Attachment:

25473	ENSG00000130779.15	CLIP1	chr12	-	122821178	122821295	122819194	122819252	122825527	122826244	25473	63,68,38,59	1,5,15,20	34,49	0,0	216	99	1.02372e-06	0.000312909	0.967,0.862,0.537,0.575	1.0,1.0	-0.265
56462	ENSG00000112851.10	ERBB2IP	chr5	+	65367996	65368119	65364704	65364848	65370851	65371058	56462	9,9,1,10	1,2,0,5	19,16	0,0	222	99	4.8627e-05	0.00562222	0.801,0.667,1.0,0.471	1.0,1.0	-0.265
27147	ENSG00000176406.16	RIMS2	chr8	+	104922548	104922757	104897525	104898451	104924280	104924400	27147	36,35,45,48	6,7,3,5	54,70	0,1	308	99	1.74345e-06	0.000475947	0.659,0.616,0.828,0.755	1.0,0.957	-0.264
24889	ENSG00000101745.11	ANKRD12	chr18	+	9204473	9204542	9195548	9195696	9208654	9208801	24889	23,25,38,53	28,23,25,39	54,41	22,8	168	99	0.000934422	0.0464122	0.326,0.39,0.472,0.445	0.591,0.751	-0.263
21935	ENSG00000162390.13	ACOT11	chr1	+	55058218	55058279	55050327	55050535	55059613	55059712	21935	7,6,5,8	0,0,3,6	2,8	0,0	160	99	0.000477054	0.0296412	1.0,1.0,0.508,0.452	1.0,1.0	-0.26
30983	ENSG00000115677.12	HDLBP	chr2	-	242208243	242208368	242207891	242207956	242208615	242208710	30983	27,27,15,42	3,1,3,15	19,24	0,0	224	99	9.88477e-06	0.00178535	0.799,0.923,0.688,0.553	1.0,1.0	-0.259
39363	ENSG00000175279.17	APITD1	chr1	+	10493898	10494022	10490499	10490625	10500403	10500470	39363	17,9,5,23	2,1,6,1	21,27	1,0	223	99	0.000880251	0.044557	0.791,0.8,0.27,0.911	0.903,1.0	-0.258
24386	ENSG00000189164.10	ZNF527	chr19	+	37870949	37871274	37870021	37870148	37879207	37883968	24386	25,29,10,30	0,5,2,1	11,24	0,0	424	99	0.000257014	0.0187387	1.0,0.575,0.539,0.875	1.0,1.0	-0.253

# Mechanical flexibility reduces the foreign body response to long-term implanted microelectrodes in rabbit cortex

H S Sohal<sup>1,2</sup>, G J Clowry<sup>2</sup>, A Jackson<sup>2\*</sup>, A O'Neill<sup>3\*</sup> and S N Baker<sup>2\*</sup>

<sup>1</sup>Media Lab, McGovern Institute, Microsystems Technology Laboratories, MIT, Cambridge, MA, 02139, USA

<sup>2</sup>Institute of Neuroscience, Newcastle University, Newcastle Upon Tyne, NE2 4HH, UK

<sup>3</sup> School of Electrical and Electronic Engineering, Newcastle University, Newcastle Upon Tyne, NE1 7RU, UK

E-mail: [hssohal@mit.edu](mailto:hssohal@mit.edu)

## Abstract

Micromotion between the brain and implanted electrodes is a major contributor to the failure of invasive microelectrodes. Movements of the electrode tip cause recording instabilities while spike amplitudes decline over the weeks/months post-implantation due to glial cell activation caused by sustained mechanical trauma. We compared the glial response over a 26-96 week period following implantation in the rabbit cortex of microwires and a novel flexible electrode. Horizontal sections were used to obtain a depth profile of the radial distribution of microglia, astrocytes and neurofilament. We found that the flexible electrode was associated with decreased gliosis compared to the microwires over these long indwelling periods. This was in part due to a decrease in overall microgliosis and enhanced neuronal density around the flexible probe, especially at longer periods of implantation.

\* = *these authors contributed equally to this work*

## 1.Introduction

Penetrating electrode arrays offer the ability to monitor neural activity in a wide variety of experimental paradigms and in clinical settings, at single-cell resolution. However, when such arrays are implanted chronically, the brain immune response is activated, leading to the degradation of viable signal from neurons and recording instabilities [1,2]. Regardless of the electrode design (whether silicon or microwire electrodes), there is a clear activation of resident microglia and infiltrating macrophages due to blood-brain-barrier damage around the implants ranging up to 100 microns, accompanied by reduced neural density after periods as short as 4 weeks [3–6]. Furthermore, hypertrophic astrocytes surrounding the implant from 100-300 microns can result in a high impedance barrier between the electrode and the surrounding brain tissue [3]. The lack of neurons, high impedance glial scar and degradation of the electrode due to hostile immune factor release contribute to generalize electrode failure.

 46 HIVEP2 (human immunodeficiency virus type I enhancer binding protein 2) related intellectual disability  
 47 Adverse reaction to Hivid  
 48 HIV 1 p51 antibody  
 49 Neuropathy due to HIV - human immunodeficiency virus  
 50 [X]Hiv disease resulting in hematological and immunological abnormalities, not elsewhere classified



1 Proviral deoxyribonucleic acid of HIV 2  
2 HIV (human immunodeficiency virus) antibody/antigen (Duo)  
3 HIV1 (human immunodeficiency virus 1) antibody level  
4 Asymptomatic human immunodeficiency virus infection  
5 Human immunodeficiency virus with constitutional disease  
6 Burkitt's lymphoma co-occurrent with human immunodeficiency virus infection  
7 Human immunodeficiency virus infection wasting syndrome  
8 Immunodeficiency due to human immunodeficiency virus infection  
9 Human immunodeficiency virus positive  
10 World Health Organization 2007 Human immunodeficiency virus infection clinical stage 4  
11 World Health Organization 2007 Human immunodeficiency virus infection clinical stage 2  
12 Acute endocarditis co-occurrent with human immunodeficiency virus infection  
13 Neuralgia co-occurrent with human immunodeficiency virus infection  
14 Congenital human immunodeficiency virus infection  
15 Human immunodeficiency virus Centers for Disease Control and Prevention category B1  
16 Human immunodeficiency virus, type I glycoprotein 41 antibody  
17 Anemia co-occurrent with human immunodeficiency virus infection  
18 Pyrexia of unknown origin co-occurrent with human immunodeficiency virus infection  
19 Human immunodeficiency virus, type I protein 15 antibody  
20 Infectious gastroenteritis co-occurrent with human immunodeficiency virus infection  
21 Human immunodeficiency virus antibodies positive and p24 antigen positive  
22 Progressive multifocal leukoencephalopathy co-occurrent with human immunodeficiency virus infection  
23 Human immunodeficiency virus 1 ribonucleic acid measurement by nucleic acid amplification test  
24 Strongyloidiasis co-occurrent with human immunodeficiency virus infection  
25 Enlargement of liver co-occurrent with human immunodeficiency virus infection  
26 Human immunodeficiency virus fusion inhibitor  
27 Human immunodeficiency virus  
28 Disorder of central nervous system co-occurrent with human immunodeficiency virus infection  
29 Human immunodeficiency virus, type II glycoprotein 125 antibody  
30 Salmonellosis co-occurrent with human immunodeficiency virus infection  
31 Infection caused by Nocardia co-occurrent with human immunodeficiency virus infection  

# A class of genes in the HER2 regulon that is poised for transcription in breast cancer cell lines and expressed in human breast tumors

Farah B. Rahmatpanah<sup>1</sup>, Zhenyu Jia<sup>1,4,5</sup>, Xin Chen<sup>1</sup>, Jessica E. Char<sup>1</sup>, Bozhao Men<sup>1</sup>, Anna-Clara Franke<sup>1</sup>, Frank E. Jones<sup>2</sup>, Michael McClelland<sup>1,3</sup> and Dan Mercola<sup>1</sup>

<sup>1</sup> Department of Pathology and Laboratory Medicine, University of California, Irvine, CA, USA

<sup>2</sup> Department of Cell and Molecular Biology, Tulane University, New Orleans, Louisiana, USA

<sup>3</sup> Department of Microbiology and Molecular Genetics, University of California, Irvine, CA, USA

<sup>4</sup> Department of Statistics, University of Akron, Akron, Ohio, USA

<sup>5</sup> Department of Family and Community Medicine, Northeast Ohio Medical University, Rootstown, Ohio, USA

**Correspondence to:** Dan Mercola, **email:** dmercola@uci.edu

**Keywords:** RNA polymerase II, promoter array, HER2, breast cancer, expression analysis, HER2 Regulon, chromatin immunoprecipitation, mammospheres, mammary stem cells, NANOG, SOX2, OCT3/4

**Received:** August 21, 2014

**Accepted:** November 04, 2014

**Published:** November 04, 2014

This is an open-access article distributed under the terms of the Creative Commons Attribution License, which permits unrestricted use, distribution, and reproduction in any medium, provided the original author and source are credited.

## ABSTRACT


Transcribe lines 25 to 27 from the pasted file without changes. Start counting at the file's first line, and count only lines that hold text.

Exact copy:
1 Proviral deoxyribonucleic acid of HIV 2  
2 HIV (human immunodeficiency virus) antibody/antigen (Duo)  
3 HIV1 (human immunodeficiency virus 1) antibody level  